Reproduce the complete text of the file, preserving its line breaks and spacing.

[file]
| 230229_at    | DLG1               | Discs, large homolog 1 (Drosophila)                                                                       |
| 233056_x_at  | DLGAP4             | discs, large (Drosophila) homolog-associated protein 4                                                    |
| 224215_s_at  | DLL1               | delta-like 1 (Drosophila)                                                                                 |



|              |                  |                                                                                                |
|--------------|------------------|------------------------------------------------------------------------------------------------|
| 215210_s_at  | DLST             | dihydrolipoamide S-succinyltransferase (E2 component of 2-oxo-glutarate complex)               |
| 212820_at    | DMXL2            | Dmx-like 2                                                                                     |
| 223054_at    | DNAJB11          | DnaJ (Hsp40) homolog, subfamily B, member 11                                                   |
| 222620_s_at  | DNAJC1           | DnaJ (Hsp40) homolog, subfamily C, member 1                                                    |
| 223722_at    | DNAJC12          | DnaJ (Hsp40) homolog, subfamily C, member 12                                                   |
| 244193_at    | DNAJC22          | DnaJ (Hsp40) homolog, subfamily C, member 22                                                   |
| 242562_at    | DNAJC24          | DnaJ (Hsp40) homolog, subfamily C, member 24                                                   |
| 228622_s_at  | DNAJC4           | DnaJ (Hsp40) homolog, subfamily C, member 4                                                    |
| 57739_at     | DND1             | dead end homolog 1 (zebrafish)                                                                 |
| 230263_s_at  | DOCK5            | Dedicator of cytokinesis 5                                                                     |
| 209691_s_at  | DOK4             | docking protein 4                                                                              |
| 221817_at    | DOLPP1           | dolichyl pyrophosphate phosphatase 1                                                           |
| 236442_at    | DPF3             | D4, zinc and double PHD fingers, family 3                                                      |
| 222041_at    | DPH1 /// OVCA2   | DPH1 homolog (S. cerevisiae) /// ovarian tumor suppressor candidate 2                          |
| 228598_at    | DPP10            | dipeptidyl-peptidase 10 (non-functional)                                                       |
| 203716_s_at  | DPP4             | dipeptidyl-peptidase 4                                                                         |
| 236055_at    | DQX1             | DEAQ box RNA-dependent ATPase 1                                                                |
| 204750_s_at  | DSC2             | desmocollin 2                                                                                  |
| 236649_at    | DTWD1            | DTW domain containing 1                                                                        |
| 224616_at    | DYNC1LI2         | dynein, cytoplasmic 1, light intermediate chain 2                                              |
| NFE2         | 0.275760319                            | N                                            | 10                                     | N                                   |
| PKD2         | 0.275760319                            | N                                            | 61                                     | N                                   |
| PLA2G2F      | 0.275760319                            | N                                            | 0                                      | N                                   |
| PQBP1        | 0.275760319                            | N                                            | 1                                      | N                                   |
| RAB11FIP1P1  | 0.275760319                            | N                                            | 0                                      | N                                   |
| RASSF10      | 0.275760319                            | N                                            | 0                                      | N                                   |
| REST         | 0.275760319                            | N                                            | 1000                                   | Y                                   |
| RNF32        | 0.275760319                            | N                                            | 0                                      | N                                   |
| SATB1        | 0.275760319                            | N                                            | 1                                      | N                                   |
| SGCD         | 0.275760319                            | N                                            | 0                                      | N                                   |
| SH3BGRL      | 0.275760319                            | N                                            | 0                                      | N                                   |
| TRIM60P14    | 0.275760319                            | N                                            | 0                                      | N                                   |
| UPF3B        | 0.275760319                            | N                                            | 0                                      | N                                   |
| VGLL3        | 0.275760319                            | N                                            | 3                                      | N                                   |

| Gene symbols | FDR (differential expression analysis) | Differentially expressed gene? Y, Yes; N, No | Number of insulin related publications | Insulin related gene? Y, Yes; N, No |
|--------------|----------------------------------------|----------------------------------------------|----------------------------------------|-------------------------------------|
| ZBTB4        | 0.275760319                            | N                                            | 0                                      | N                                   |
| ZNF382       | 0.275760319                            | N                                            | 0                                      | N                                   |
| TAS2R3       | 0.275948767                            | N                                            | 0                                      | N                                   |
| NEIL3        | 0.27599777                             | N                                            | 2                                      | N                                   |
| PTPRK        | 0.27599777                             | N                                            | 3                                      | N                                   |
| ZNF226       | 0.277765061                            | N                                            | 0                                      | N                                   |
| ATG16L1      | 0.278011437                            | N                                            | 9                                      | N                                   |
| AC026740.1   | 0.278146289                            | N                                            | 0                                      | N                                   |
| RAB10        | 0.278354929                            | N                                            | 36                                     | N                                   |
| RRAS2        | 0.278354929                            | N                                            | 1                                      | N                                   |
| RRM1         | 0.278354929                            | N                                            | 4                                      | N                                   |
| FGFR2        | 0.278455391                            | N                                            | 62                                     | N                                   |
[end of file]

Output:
| 230229_at    | DLG1               | Discs, large homolog 1 (Drosophila)                                                                       |
| 233056_x_at  | DLGAP4             | discs, large (Drosophila) homolog-associated protein 4                                                    |
| 224215_s_at  | DLL1               | delta-like 1 (Drosophila)                                                                                 |



|              |                  |                                                                                                |
|--------------|------------------|------------------------------------------------------------------------------------------------|
| 215210_s_at  | DLST             | dihydrolipoamide S-succinyltransferase (E2 component of 2-oxo-glutarate complex)               |
| 212820_at    | DMXL2            | Dmx-like 2                                                                                     |
| 223054_at    | DNAJB11          | DnaJ (Hsp40) homolog, subfamily B, member 11                                                   |
| 222620_s_at  | DNAJC1           | DnaJ (Hsp40) homolog, subfamily C, member 1                                                    |
| 223722_at    | DNAJC12          | DnaJ (Hsp40) homolog, subfamily C, member 12                                                   |
| 244193_at    | DNAJC22          | DnaJ (Hsp40) homolog, subfamily C, member 22                                                   |
| 242562_at    | DNAJC24          | DnaJ (Hsp40) homolog, subfamily C, member 24                                                   |
| 228622_s_at  | DNAJC4           | DnaJ (Hsp40) homolog, subfamily C, member 4                                                    |
| 57739_at     | DND1             | dead end homolog 1 (zebrafish)                                                                 |
| 230263_s_at  | DOCK5            | Dedicator of cytokinesis 5                                                                     |
| 209691_s_at  | DOK4             | docking protein 4                                                                              |
| 221817_at    | DOLPP1           | dolichyl pyrophosphate phosphatase 1                                                           |
| 236442_at    | DPF3             | D4, zinc and double PHD fingers, family 3                                                      |
| 222041_at    | DPH1 /// OVCA2   | DPH1 homolog (S. cerevisiae) /// ovarian tumor suppressor candidate 2                          |
| 228598_at    | DPP10            | dipeptidyl-peptidase 10 (non-functional)                                                       |
| 203716_s_at  | DPP4             | dipeptidyl-peptidase 4                                                                         |
| 236055_at    | DQX1             | DEAQ box RNA-dependent ATPase 1                                                                |
| 204750_s_at  | DSC2             | desmocollin 2                                                                                  |
| 236649_at    | DTWD1            | DTW domain containing 1                                                                        |
| 224616_at    | DYNC1LI2         | dynein, cytoplasmic 1, light intermediate chain 2                                              |
| NFE2         | 0.275760319                            | N                                            | 10                                     | N                                   |
| PKD2         | 0.275760319                            | N                                            | 61                                     | N                                   |
| PLA2G2F      | 0.275760319                            | N                                            | 0                                      | N                                   |
| PQBP1        | 0.275760319                            | N                                            | 1                                      | N                                   |
| RAB11FIP1P1  | 0.275760319                            | N                                            | 0                                      | N                                   |
| RASSF10      | 0.275760319                            | N                                            | 0                                      | N                                   |
| REST         | 0.275760319                            | N                                            | 1000                                   | Y                                   |
| RNF32        | 0.275760319                            | N                                            | 0                                      | N                                   |
| SATB1        | 0.275760319                            | N                                            | 1                                      | N                                   |
| SGCD         | 0.275760319                            | N                                            | 0                                      | N                                   |
| SH3BGRL      | 0.275760319                            | N                                            | 0                                      | N                                   |
| TRIM60P14    | 0.275760319                            | N                                            | 0                                      | N                                   |
| UPF3B        | 0.275760319                            | N                                            | 0                                      | N                                   |
| VGLL3        | 0.275760319                            | N                                            | 3                                      | N                                   |

| Gene symbols | FDR (differential expression analysis) | Differentially expressed gene? Y, Yes; N, No | Number of insulin related publications | Insulin related gene? Y, Yes; N, No |
|--------------|----------------------------------------|----------------------------------------------|----------------------------------------|-------------------------------------|
| ZBTB4        | 0.275760319                            | N                                            | 0                                      | N                                   |
| ZNF382       | 0.275760319                            | N                                            | 0                                      | N                                   |
| TAS2R3       | 0.275948767                            | N                                            | 0                                      | N                                   |
| NEIL3        | 0.27599777                             | N                                            | 2                                      | N                                   |
| PTPRK        | 0.27599777                             | N                                            | 3                                      | N                                   |
| ZNF226       | 0.277765061                            | N                                            | 0                                      | N                                   |
| ATG16L1      | 0.278011437                            | N                                            | 9                                      | N                                   |
| AC026740.1   | 0.278146289                            | N                                            | 0                                      | N                                   |
| RAB10        | 0.278354929                            | N                                            | 36                                     | N                                   |
| RRAS2        | 0.278354929                            | N                                            | 1                                      | N                                   |
| RRM1         | 0.278354929                            | N                                            | 4                                      | N                                   |
| FGFR2        | 0.278455391                            | N                                            | 62                                     | N                                   |